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Conn. town mourns as police look for answers

First Published Dec 15 2012 10:03 am • Last Updated Dec 15 2012 10:27 pm

NEWTOWN, Conn. • Investigators on Saturday worked to understand what led a bright but painfully awkward 20-year-old to slaughter 26 children and adults at a Connecticut elementary school, while townspeople took down Christmas decorations and struggled with how to get through a holiday season that has suddenly become a time of mourning.

The tragedy brought forth soul-searching and grief around the globe. Families as far away as Puerto Rico began to plan funerals for victims who still had their baby teeth, world leaders extended condolences, and vigils were held around the U.S.

At a glance

Names and ages of those killed in Conn. rampage

Names and ages of the 26 people gunned down at a Connecticut elementary school Friday in the second-deadliest school shooting in U.S. history:

Charlotte Bacon, 6

Daniel Barden, 7

Rachel Davino, 29

Olivia Engel, 6

Josephine Gay, 7

Ana Marquez-Greene, 6

Dylan Hockley, 6

Dawn Hochsprung, 47

Madeleine Hsu, 6

Catherine Hubbard, 6

Chase Kowalski, 7

Jesse Lewis, 6

James Mattioli, 6

Grace McDonnell, 7

Anne Marie Murphy, 52

Emilie Parker, 6

Jack Pinto, 6

Noah Pozner, 6

Caroline Previdi, 6

Jessica Rekos, 6

Avielle Richman, 6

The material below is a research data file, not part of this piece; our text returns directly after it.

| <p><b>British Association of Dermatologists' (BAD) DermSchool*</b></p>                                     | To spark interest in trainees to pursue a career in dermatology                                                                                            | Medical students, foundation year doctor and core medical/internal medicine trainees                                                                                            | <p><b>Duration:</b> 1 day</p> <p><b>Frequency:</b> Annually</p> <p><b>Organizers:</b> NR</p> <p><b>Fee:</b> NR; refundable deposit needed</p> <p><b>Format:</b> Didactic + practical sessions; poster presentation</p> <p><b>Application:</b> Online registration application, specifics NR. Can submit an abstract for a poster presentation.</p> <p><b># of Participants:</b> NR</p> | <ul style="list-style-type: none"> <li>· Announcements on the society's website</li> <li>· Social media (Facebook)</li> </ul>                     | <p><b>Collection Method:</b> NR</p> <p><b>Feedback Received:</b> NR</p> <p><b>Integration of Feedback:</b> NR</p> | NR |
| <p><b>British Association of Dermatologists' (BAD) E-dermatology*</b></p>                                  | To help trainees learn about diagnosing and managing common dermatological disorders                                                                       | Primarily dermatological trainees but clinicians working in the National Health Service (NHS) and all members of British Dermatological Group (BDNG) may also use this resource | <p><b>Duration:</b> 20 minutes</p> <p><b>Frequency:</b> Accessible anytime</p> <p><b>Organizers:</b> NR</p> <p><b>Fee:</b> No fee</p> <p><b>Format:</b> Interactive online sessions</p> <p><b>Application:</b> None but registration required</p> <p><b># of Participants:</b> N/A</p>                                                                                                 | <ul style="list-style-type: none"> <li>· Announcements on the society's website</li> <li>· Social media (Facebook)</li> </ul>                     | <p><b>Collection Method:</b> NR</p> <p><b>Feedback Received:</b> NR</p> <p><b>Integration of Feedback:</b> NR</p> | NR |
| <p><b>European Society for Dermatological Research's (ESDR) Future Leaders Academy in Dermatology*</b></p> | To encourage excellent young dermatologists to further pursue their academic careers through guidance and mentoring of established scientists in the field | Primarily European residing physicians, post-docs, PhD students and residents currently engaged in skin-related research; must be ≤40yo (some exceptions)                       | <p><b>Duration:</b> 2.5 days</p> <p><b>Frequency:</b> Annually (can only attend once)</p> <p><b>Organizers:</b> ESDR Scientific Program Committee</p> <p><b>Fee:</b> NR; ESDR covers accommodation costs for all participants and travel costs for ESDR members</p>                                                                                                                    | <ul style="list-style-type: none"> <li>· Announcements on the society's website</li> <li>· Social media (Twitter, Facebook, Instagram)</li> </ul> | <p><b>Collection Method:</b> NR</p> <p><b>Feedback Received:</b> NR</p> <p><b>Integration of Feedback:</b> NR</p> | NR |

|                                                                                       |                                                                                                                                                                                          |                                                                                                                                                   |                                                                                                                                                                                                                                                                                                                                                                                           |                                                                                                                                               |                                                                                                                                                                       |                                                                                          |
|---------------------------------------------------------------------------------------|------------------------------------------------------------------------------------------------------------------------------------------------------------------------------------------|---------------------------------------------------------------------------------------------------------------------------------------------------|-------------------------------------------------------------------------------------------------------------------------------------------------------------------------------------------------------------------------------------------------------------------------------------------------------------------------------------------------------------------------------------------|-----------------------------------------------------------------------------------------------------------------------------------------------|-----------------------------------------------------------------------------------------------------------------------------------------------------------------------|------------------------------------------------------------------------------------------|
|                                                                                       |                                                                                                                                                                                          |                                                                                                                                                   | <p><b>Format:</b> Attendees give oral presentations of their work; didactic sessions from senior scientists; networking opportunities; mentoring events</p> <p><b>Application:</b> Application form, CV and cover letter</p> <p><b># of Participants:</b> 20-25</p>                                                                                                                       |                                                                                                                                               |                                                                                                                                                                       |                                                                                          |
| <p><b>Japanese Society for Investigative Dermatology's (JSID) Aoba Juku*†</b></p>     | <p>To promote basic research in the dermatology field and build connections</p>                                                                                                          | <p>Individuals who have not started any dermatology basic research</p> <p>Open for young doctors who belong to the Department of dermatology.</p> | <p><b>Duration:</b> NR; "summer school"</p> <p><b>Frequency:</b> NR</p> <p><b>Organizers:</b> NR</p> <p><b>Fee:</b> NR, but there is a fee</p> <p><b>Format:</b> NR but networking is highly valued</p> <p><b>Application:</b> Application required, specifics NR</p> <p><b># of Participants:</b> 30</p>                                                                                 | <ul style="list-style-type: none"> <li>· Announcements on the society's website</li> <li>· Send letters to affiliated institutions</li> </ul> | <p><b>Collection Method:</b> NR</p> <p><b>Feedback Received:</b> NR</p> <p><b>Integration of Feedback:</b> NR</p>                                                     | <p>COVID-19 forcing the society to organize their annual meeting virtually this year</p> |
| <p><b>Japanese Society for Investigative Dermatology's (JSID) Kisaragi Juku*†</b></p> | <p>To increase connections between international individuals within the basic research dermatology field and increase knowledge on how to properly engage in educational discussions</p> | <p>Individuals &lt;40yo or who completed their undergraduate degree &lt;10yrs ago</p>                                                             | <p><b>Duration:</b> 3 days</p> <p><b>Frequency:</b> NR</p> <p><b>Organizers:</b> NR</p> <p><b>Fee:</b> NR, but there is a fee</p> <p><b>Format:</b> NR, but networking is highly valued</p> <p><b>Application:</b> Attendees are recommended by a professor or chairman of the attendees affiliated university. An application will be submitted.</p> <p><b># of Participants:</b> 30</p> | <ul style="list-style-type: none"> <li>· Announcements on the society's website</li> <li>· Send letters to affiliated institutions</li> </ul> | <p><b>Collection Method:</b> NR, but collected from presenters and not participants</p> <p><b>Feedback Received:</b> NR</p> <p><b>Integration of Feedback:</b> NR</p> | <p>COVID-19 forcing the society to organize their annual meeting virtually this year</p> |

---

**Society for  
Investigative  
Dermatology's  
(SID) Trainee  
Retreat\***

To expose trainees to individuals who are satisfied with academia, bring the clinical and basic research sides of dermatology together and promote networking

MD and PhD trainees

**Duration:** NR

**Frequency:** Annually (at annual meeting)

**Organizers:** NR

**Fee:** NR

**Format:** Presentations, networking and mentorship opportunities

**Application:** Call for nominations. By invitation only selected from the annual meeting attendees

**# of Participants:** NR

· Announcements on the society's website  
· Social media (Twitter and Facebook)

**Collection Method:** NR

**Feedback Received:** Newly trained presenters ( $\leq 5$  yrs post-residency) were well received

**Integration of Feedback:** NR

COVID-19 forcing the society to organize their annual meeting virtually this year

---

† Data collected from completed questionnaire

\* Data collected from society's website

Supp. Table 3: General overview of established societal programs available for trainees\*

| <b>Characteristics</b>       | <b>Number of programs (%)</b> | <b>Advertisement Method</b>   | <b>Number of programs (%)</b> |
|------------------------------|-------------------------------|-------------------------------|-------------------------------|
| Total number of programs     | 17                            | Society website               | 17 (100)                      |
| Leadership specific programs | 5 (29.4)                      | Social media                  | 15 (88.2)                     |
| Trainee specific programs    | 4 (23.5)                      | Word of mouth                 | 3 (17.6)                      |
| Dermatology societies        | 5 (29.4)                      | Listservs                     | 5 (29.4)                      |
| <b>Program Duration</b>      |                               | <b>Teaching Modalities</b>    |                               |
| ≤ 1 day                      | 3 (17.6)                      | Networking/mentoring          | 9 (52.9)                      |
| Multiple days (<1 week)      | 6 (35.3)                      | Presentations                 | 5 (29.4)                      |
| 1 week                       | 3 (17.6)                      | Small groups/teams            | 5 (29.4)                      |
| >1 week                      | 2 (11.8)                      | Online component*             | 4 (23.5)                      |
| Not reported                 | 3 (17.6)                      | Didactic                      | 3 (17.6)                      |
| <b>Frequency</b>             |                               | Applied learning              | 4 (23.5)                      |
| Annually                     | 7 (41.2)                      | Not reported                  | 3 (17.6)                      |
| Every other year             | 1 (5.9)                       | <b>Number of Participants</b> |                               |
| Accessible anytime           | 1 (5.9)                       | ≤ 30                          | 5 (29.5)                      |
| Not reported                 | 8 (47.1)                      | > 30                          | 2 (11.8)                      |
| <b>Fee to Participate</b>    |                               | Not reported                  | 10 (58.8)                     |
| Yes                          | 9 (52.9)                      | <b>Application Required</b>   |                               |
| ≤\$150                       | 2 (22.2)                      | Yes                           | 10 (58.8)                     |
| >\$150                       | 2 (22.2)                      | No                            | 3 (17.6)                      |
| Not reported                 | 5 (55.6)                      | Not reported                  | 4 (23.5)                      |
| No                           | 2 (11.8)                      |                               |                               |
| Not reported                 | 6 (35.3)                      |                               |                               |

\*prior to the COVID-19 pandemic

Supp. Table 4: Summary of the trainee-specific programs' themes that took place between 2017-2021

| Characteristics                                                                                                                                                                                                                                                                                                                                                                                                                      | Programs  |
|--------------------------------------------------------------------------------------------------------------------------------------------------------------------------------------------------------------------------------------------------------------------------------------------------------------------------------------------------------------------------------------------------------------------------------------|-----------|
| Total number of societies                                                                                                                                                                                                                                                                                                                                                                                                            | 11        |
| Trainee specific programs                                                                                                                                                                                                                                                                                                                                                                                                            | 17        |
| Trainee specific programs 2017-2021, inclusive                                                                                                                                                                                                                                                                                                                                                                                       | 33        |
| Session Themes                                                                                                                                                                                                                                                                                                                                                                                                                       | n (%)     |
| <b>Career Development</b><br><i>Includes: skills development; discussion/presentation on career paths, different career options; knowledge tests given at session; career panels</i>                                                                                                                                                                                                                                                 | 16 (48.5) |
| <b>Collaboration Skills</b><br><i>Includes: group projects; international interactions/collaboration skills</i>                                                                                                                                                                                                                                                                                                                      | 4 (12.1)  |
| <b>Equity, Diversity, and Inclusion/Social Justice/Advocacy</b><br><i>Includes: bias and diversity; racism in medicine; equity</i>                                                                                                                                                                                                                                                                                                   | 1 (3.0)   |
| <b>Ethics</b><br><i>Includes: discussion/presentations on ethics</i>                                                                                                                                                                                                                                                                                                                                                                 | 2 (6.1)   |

Lauren Rousseau, 30

Mary Sherlach, 56

Victoria Soto, 27

Benjamin Wheeler, 6

Allison Wyatt, 6

Source: Connecticut State Police

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Amid the sorrow, stories of heroism emerged, including an account of the Sandy Hook Elementary School principal who lost her life lunging at the gunman, Adam Lanza, in an attempt to overpower him.

Police shed no light on the motive for the second-deadliest school shooting in U.S. history, though state police Lt. Paul Vance said investigators had found "very good evidence ... that our investigators will be able to use in painting the complete picture, the how and, more importantly, the why." He would not elaborate.

However, another law enforcement official, speaking on condition of anonymity, said investigators have found no note or manifesto of the sort they have come to expect after murderous rampages such as the Virginia Tech bloodbath in 2007 that left 33 people dead.

The mystery deepened as Newtown education officials said they had found no link between Lanza’s mother and the school, contrary to news reports that said she was a teacher there. Investigators said they believe Adam Lanza attended Sandy Hook Elementary many years ago, but they had no explanation for why he went there on Friday.

Lanza shot and killed his mother, Nancy Lanza, at the home they shared, then drove to the school in her car with at least three of her guns, forced his way inside and opened fire in two classrooms, authorities said. Within minutes, he killed 20 children, six adults and himself.

On Saturday, Chief Medical Examiner Dr. H. Wayne Carver said all the victims at the school were killed up close with a rifle and were shot more than once. All six adults killed at the school were women. Of the 20 children, eight were boys and 12 were girls. All the children were 6 or 7 years old.